And so if you were to be on the Dordogne river at anytime after five, you’d have seen the village children (and not a few adults) cooling off on this second heatwave day in southwest France.
I happen to be toddling along toward that beach myself. My restaurant with rooms, the super cute family run Le Chambellan, is in this village. (The village is smaller even than Sorede, as measured by the number of bakers – one, the number of bars – one and it’s a tiny one, and the number of restaurants: one – the one that is my home. The closest grocery is across the bridge, in the next village.)
I am hot. It’s been an in and out of the car kind of day and since for reasons of economy and stubbornness I do not use the AC there, I am sure that if you cracked an egg on any part of me, it would fry.
The first thing I notice as I plunge into the Dordogne is that it’s significantly warmer downstream from Souillac. There, it was bracing. Icy even. Here, it’s, well, warmer.
The second thing I notice is the unmistakable red canoe on the horizon. With a black paddle. It could only be Ed. It is Ed.
The man of great paddling ability (and great stubbornness) did the five day trip in two days flat.
How did he do it?! Forget about stopping at all those lovely towns along the way. He paused once on the first day -- at a bar, for a Perrier (good ordering skills! he was served a Perrier and a beer), then stopped to pitch his tent late at night (it was gorgeous! – he tells me), and then one more pause the next morning for breakfast, in the scenic town of La Roque-Gagear, just one hour before I drove through that same town. There he went to a bakery, ordered a mille feuille (pointing helps) and went back to his paddling.
And now here he is in the village of Coux and my period of abandonment has come to an end even before it really got under way.
We swim across the river together – a greater challenge than you would think because where the river is both deep and the current is speedy, you need to fight it somewhat – then swim back again. I had forgotten how lovely it is to swim in a river. A gentle stroke upstream keeps me in place. Standing in shallow waters is like a foot massage.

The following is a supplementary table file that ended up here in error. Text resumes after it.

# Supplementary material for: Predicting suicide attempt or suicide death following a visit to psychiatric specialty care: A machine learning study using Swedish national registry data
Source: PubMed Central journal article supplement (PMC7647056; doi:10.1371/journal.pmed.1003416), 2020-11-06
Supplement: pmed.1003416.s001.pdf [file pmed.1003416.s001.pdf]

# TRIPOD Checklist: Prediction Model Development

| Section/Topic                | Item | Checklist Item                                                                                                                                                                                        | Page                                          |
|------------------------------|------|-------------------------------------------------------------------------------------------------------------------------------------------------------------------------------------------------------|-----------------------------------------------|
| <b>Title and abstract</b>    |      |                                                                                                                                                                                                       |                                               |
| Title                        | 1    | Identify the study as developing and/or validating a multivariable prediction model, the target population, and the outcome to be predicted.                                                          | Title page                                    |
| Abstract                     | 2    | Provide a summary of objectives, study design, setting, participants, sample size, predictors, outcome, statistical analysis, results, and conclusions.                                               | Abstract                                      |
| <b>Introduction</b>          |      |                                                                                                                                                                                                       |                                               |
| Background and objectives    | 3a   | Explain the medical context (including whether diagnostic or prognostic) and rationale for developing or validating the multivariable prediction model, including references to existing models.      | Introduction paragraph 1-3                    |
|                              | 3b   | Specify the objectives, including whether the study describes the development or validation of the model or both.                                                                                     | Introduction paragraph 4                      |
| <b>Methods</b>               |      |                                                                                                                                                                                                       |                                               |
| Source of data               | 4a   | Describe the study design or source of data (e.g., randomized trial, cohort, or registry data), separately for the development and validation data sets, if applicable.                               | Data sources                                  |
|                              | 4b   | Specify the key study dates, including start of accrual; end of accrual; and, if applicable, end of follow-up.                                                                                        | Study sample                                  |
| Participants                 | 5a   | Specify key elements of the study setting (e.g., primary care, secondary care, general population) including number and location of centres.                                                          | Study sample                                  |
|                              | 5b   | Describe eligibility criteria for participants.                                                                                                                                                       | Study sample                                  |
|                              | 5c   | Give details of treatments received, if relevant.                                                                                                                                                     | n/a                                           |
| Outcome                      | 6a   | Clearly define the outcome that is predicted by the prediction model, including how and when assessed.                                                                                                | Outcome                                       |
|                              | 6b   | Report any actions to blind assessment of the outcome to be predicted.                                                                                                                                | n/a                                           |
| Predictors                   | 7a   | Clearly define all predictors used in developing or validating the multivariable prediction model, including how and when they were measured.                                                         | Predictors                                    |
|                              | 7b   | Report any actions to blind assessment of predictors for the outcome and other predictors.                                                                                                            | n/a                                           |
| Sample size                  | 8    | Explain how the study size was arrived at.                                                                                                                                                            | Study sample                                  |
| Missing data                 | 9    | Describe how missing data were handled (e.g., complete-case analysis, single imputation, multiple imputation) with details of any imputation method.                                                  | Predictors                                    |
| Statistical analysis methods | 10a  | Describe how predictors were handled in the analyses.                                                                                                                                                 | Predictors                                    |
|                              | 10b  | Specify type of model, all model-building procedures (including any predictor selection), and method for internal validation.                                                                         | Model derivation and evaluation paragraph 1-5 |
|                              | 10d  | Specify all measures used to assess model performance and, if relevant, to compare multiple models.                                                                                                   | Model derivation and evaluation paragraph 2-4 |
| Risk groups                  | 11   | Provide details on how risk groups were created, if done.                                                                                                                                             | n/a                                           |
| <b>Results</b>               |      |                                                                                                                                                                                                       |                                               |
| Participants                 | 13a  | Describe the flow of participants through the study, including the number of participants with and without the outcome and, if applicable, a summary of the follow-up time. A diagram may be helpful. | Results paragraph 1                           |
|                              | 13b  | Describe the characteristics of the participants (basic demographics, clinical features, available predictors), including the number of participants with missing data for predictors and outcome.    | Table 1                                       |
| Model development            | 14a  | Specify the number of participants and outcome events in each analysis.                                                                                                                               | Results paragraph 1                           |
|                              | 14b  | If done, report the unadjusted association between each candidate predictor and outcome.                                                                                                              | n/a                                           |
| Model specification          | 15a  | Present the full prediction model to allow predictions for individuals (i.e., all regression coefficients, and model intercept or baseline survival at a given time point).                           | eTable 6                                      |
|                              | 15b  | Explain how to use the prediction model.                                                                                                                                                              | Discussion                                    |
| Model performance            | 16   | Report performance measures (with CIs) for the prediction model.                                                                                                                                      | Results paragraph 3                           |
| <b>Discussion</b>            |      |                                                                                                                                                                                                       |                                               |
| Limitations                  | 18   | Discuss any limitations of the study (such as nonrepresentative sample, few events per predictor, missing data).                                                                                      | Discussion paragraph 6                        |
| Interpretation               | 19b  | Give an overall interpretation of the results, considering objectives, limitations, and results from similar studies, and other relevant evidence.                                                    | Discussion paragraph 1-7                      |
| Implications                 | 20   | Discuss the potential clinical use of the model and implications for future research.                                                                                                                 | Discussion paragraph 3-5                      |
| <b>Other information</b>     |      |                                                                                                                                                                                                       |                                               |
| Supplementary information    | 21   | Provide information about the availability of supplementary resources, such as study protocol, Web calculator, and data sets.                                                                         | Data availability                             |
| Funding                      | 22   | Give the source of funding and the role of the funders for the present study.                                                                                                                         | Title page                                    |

At the village shore, children are splashing and giggling and I have to say, there cannot be a better way to spend a hot summer evening than right here, in tiny Coux-et-Bigaroque, at the Dordogne.
Earlier in the day, I eat bread from the now awarded Ed medal-of-bestness bakery in Souillac for breakfast, pack up the little Smart for Two (which does well for One, plus her suitcase full of camping gear, bottles of wine and oil, etc., supplemented now by a can of foie gras and two mustards with truffles), and head west along the Dordogne.
The road that links the villages along the river is pretty and without much traffic. The Perigord walnuts (look at photo above) grow in neat rows in between fields of sunflowers and, surprisingly, corn.
The landscape flattens a bit as the river heads west. If I were to follow the river beyond Coux, say for another twenty or thirty miles, I would see a complete change in scenery: the grapes come back. Bergerac wines. Great reds and whites and fantastic rosés. ( Right now, rosé is far and away the drink of choice at the outdoors dinner or lunch table. I’d say it’s a ten to one ratio, where one is “other.”) But, this area of the Perigord hasn't a trace of vines. Even as in the summer season, it has a stunning air to it -- full of ripeness and color. The peaked roofs and stone houses look less severe now. Forget about the tough times. Right now, everything's charming, beguiling.
I pause in my drive to take a photo of a far away chateau, I encounter a group of cyclists, including some Americans. Cycling (of the type to which I cannot aspire – very heavy on the hills) is tremendously popular in every region of France and I come across any number of groups now that include Americans. (Their luggage is transported for them, so they need only get on their bikes and speed to the next destination.) They stop as well to admire the view. Don’t tell me, one jokes. Yet another splendid chateau.
I’m in agreement: the chateaus do blur after a while. But the villages don’t. Each one seems unique. Most here regard La Roque as the prettiest and I can see why.